Can Arkane’s stealth-action hybrid sneak its way to the top?
Watching the final cut-scene of Dishonored is a bittersweet experience. It has been a great ride; an enthralling tale filled with smart choices and fantastic moments.
But on the other hand, that ride feels distressingly short, and there’s a real feeling of ‘Is that it?’ when the credits roll. It’s probably a comment on both the quality of what’s there as well as the length, because for seven or so hours Dishonored is mostly brilliant, if a little flawed: BioShock via Half-Life 2, Hitman and posho British history.
Dishonored plays out against the background of a foreign world, but one that takes old-school British politics, class systems and style as its inspiration. Taking on the role of Corvo Attano, the Royal Protector of the Empress of Dunwall and her daughter, Emily, the start of the game sees you finally returning from a long voyage at sea.
The Empress’ castle and estate gleam in the sun, and you’ve even got time for a cheeky game of hide and seek with the next in line to the throne, but Dunwall is in trouble. There’s the tiny problem of plague-ridden rats turning the city into a 19th Century version of 28 Days Later.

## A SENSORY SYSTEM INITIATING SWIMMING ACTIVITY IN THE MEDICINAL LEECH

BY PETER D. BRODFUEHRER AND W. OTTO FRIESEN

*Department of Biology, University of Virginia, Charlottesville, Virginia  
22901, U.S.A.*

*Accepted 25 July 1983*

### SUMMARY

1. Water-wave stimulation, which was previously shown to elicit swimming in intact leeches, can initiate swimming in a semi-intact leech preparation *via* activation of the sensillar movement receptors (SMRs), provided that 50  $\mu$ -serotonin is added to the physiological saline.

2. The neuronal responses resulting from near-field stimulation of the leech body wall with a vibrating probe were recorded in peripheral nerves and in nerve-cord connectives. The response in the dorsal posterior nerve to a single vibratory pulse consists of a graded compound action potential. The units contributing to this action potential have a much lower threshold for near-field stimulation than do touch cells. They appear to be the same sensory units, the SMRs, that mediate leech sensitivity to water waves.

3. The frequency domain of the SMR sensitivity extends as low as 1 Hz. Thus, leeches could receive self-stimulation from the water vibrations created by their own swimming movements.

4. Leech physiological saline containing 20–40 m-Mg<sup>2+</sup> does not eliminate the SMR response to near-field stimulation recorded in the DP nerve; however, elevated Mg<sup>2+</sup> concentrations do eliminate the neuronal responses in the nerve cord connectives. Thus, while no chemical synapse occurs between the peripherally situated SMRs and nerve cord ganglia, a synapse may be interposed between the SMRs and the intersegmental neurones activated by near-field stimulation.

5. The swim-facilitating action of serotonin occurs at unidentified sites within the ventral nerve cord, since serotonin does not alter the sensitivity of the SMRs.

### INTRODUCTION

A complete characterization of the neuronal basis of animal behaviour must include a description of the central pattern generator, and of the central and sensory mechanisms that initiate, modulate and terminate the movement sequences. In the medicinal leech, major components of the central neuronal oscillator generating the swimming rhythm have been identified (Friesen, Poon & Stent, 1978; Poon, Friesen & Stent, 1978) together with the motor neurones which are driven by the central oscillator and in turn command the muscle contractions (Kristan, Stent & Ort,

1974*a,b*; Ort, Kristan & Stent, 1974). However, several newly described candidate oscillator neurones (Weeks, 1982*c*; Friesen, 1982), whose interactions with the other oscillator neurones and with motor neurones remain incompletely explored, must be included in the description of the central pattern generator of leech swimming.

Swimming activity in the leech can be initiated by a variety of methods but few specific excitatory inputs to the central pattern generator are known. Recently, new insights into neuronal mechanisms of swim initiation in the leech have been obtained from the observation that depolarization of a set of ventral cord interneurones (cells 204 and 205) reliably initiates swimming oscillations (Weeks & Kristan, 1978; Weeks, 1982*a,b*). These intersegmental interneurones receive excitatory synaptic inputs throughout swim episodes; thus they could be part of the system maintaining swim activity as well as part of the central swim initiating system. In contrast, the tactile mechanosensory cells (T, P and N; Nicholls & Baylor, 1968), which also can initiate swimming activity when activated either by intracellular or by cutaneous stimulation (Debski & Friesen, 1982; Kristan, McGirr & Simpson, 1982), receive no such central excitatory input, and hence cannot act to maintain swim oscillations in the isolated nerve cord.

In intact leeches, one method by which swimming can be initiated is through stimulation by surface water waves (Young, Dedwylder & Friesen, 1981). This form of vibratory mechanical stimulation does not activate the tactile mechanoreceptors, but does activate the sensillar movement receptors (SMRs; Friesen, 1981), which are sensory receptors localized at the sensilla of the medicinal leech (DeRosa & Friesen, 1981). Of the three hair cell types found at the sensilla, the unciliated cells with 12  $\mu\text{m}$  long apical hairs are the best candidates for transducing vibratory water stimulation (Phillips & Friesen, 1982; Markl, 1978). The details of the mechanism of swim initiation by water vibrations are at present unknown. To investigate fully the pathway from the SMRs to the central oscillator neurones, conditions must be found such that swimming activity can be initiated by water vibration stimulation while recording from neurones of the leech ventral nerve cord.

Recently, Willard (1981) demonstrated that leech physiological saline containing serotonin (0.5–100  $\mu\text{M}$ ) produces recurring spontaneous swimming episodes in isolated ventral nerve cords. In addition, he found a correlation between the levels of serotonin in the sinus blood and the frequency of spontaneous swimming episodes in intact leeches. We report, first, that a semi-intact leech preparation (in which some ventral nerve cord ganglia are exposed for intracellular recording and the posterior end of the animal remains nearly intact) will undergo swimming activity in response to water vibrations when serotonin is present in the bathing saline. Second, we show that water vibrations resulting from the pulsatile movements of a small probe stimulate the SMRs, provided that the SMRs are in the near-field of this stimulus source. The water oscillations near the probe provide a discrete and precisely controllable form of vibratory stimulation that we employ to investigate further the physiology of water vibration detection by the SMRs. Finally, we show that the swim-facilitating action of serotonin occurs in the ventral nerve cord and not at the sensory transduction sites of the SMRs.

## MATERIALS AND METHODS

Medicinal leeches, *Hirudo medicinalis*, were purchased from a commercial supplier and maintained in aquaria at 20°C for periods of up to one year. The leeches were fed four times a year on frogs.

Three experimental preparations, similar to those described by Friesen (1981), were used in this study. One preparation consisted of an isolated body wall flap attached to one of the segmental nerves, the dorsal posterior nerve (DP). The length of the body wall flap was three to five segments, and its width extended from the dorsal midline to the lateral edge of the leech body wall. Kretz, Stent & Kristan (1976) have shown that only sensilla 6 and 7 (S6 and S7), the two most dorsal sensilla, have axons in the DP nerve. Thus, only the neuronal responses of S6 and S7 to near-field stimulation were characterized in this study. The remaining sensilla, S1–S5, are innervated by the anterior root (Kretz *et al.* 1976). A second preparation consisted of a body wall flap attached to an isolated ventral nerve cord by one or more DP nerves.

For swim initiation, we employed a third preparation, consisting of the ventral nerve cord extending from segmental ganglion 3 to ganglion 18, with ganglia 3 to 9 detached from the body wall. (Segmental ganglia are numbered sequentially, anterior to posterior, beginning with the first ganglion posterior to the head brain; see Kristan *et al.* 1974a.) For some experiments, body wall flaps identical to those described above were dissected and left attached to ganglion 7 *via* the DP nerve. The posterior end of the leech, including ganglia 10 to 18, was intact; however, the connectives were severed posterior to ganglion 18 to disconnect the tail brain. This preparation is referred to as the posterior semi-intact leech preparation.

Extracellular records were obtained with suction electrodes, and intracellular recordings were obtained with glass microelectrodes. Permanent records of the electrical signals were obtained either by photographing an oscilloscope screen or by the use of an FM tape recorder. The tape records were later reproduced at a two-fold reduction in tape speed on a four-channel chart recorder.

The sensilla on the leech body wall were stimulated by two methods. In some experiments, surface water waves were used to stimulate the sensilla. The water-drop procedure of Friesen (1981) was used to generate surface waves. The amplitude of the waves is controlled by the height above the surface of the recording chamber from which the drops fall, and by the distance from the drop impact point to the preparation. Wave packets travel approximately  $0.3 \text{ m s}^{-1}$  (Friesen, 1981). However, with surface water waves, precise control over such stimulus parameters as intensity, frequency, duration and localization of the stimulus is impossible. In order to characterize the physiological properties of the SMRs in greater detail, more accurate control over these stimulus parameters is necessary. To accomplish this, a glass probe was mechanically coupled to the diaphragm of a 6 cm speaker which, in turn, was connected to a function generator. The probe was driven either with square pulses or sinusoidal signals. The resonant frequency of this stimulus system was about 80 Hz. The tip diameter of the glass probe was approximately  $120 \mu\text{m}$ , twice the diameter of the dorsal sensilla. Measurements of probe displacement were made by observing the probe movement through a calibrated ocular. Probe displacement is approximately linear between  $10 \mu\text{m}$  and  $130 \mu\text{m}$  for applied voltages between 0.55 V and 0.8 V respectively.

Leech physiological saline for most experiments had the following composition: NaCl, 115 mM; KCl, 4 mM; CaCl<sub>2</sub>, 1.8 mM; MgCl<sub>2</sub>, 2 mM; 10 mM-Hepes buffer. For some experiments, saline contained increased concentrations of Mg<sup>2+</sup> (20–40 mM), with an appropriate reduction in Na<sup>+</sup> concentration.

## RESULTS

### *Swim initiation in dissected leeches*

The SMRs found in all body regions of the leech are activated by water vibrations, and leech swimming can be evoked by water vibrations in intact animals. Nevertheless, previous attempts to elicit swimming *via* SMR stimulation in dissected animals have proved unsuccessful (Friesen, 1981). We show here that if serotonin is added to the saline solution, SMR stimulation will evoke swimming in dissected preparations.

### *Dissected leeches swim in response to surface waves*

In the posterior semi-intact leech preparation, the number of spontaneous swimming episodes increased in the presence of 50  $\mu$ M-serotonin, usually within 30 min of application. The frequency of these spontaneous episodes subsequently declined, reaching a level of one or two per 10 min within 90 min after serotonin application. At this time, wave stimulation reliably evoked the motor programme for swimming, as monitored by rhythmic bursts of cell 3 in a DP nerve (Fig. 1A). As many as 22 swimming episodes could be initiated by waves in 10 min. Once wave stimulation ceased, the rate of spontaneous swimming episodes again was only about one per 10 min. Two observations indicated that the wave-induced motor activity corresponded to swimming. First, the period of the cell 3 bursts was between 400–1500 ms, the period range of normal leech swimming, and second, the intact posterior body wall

Things get worse from there and soon the Empress is dead, with the overthrowing force conveniently blaming you. Broken out of prison, you soon find yourself in hiding with a bunch of other loyalists. Your mission is to strike at the heart of the conspirators and return Emily to the throne.
It’s not a particularly original scenario, but Dishonored’s combination of Victorian steampunk inspiration and political intrigue give the world and the story a great hook. It’s as far from the standard COD/Battlefield FPS staples as you can imagine. BioShock via Brink is probably more appropriate, and like with the former it’s very difficult not to get sucked into the world and conspiracy around you. Gameplay, narrative and style fit hand in glove to create a satisfying world that feels both authentic and fantastical.
The painterly art direction is perfect and style-wise it’s a fine-looking game, if not an open one, even if textures are disappointingly ugly in places. Instead, the Hound’s Pit pub and surrounding buildings will serve as your hub. Here you will receive mission briefings and upgrade your weapons and equipment. When ready, you’ll be escorted off to various missions around the city by boat.
Each of these assignments is broadly similar: get in, out, shake it all about, with ‘it’ being a massive blade and ‘all about’ being people’s skulls. Like Hitman, however, how you do that is up to you, and this is where Dishonored’s appeal lays. Corvo is visited early on by the Outsider, a supernatural being that gives men powers to combat the Oveerseers, Dishonored’s religious fanatics and chief enemies.